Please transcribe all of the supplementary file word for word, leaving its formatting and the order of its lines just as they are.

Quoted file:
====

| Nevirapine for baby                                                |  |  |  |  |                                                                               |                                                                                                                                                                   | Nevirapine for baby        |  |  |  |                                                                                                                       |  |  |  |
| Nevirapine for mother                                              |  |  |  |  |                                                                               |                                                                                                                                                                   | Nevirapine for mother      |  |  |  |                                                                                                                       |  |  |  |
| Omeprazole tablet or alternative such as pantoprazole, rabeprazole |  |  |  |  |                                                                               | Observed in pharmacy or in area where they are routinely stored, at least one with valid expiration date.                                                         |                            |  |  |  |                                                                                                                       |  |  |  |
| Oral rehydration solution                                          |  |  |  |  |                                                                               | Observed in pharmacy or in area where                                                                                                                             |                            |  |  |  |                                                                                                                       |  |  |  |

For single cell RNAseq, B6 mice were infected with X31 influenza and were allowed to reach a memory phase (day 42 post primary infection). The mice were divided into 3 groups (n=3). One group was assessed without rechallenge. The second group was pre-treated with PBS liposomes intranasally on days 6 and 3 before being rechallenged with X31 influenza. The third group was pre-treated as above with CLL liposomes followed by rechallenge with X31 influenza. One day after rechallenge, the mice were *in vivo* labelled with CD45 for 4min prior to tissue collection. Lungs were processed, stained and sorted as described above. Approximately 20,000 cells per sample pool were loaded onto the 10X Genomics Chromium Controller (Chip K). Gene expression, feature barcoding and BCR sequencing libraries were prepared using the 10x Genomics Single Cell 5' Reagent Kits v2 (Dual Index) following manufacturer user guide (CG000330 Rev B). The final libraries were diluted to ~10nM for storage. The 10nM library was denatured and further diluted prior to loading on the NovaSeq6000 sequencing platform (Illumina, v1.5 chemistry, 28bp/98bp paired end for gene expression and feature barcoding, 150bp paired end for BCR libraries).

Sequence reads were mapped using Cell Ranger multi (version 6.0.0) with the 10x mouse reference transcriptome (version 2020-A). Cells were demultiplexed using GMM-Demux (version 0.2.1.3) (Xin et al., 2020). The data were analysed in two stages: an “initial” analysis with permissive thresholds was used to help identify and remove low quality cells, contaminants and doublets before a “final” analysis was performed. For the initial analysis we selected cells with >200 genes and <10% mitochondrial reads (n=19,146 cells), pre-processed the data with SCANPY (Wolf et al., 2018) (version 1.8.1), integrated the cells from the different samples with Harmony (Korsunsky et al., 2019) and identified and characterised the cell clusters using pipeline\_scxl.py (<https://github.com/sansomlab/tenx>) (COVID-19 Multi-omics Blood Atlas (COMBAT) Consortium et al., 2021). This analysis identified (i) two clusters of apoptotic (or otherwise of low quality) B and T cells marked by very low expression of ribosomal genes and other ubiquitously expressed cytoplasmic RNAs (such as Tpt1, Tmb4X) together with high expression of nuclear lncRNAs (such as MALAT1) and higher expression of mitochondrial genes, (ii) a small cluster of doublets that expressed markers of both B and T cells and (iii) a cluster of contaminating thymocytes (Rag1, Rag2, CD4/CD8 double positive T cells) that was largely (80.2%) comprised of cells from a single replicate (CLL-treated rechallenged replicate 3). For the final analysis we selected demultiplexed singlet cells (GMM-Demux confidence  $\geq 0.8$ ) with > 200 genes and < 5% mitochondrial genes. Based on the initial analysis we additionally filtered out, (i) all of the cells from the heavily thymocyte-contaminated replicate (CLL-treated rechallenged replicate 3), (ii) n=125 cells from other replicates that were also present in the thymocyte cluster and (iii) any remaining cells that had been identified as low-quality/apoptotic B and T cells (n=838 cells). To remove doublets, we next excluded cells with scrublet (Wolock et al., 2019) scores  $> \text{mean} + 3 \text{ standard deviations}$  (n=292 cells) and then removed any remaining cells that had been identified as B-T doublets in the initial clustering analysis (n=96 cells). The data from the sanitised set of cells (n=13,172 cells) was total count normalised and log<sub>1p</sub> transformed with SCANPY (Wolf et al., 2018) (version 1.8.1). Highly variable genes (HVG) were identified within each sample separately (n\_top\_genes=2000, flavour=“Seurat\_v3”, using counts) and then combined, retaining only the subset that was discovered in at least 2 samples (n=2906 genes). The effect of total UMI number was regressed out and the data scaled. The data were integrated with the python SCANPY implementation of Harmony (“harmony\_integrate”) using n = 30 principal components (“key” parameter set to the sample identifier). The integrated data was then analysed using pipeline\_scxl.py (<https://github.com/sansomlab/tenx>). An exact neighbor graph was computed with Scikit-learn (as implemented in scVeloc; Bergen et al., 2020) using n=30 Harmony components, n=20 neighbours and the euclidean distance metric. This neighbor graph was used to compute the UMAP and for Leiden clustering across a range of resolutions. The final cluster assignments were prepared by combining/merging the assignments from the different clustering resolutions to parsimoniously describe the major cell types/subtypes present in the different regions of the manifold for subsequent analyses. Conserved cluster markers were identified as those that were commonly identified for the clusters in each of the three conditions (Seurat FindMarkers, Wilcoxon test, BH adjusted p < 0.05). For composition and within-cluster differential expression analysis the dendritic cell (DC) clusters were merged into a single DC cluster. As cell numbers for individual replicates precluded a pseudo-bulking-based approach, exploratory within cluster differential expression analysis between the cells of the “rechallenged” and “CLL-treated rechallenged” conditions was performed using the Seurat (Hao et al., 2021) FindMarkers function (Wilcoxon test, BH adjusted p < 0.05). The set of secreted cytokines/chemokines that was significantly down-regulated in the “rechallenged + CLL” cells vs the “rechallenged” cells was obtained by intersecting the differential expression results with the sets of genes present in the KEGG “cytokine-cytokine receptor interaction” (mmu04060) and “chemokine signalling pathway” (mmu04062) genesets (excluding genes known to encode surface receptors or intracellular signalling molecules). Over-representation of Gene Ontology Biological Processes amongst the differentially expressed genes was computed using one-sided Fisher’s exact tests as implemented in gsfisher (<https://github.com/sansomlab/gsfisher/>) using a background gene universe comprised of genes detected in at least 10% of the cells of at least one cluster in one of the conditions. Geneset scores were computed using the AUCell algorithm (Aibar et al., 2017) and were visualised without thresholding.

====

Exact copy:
| Nevirapine for baby                                                |  |  |  |  |                                                                               |                                                                                                                                                                   | Nevirapine for baby        |  |  |  |                                                                                                                       |  |  |  |
| Nevirapine for mother                                              |  |  |  |  |                                                                               |                                                                                                                                                                   | Nevirapine for mother      |  |  |  |                                                                                                                       |  |  |  |
| Omeprazole tablet or alternative such as pantoprazole, rabeprazole |  |  |  |  |                                                                               | Observed in pharmacy or in area where they are routinely stored, at least one with valid expiration date.                                                         |                            |  |  |  |                                                                                                                       |  |  |  |
| Oral rehydration solution                                          |  |  |  |  |                                                                               | Observed in pharmacy or in area where                                                                                                                             |                            |  |  |  |                                                                                                                       |  |  |  |

For single cell RNAseq, B6 mice were infected with X31 influenza and were allowed to reach a memory phase (day 42 post primary infection). The mice were divided into 3 groups (n=3). One group was assessed without rechallenge. The second group was pre-treated with PBS liposomes intranasally on days 6 and 3 before being rechallenged with X31 influenza. The third group was pre-treated as above with CLL liposomes followed by rechallenge with X31 influenza. One day after rechallenge, the mice were *in vivo* labelled with CD45 for 4min prior to tissue collection. Lungs were processed, stained and sorted as described above. Approximately 20,000 cells per sample pool were loaded onto the 10X Genomics Chromium Controller (Chip K). Gene expression, feature barcoding and BCR sequencing libraries were prepared using the 10x Genomics Single Cell 5' Reagent Kits v2 (Dual Index) following manufacturer user guide (CG000330 Rev B). The final libraries were diluted to ~10nM for storage. The 10nM library was denatured and further diluted prior to loading on the NovaSeq6000 sequencing platform (Illumina, v1.5 chemistry, 28bp/98bp paired end for gene expression and feature barcoding, 150bp paired end for BCR libraries).

Sequence reads were mapped using Cell Ranger multi (version 6.0.0) with the 10x mouse reference transcriptome (version 2020-A). Cells were demultiplexed using GMM-Demux (version 0.2.1.3) (Xin et al., 2020). The data were analysed in two stages: an “initial” analysis with permissive thresholds was used to help identify and remove low quality cells, contaminants and doublets before a “final” analysis was performed. For the initial analysis we selected cells with >200 genes and <10% mitochondrial reads (n=19,146 cells), pre-processed the data with SCANPY (Wolf et al., 2018) (version 1.8.1), integrated the cells from the different samples with Harmony (Korsunsky et al., 2019) and identified and characterised the cell clusters using pipeline\_scxl.py (<https://github.com/sansomlab/tenx>) (COVID-19 Multi-omics Blood Atlas (COMBAT) Consortium et al., 2021). This analysis identified (i) two clusters of apoptotic (or otherwise of low quality) B and T cells marked by very low expression of ribosomal genes and other ubiquitously expressed cytoplasmic RNAs (such as Tpt1, Tmb4X) together with high expression of nuclear lncRNAs (such as MALAT1) and higher expression of mitochondrial genes, (ii) a small cluster of doublets that expressed markers of both B and T cells and (iii) a cluster of contaminating thymocytes (Rag1, Rag2, CD4/CD8 double positive T cells) that was largely (80.2%) comprised of cells from a single replicate (CLL-treated rechallenged replicate 3). For the final analysis we selected demultiplexed singlet cells (GMM-Demux confidence  $\geq 0.8$ ) with > 200 genes and < 5% mitochondrial genes. Based on the initial analysis we additionally filtered out, (i) all of the cells from the heavily thymocyte-contaminated replicate (CLL-treated rechallenged replicate 3), (ii) n=125 cells from other replicates that were also present in the thymocyte cluster and (iii) any remaining cells that had been identified as low-quality/apoptotic B and T cells (n=838 cells). To remove doublets, we next excluded cells with scrublet (Wolock et al., 2019) scores  $> \text{mean} + 3 \text{ standard deviations}$  (n=292 cells) and then removed any remaining cells that had been identified as B-T doublets in the initial clustering analysis (n=96 cells). The data from the sanitised set of cells (n=13,172 cells) was total count normalised and log<sub>1p</sub> transformed with SCANPY (Wolf et al., 2018) (version 1.8.1). Highly variable genes (HVG) were identified within each sample separately (n\_top\_genes=2000, flavour=“Seurat\_v3”, using counts) and then combined, retaining only the subset that was discovered in at least 2 samples (n=2906 genes). The effect of total UMI number was regressed out and the data scaled. The data were integrated with the python SCANPY implementation of Harmony (“harmony\_integrate”) using n = 30 principal components (“key” parameter set to the sample identifier). The integrated data was then analysed using pipeline\_scxl.py (<https://github.com/sansomlab/tenx>). An exact neighbor graph was computed with Scikit-learn (as implemented in scVeloc; Bergen et al., 2020) using n=30 Harmony components, n=20 neighbours and the euclidean distance metric. This neighbor graph was used to compute the UMAP and for Leiden clustering across a range of resolutions. The final cluster assignments were prepared by combining/merging the assignments from the different clustering resolutions to parsimoniously describe the major cell types/subtypes present in the different regions of the manifold for subsequent analyses. Conserved cluster markers were identified as those that were commonly identified for the clusters in each of the three conditions (Seurat FindMarkers, Wilcoxon test, BH adjusted p < 0.05). For composition and within-cluster differential expression analysis the dendritic cell (DC) clusters were merged into a single DC cluster. As cell numbers for individual replicates precluded a pseudo-bulking-based approach, exploratory within cluster differential expression analysis between the cells of the “rechallenged” and “CLL-treated rechallenged” conditions was performed using the Seurat (Hao et al., 2021) FindMarkers function (Wilcoxon test, BH adjusted p < 0.05). The set of secreted cytokines/chemokines that was significantly down-regulated in the “rechallenged + CLL” cells vs the “rechallenged” cells was obtained by intersecting the differential expression results with the sets of genes present in the KEGG “cytokine-cytokine receptor interaction” (mmu04060) and “chemokine signalling pathway” (mmu04062) genesets (excluding genes known to encode surface receptors or intracellular signalling molecules). Over-representation of Gene Ontology Biological Processes amongst the differentially expressed genes was computed using one-sided Fisher’s exact tests as implemented in gsfisher (<https://github.com/sansomlab/gsfisher/>) using a background gene universe comprised of genes detected in at least 10% of the cells of at least one cluster in one of the conditions. Geneset scores were computed using the AUCell algorithm (Aibar et al., 2017) and were visualised without thresholding.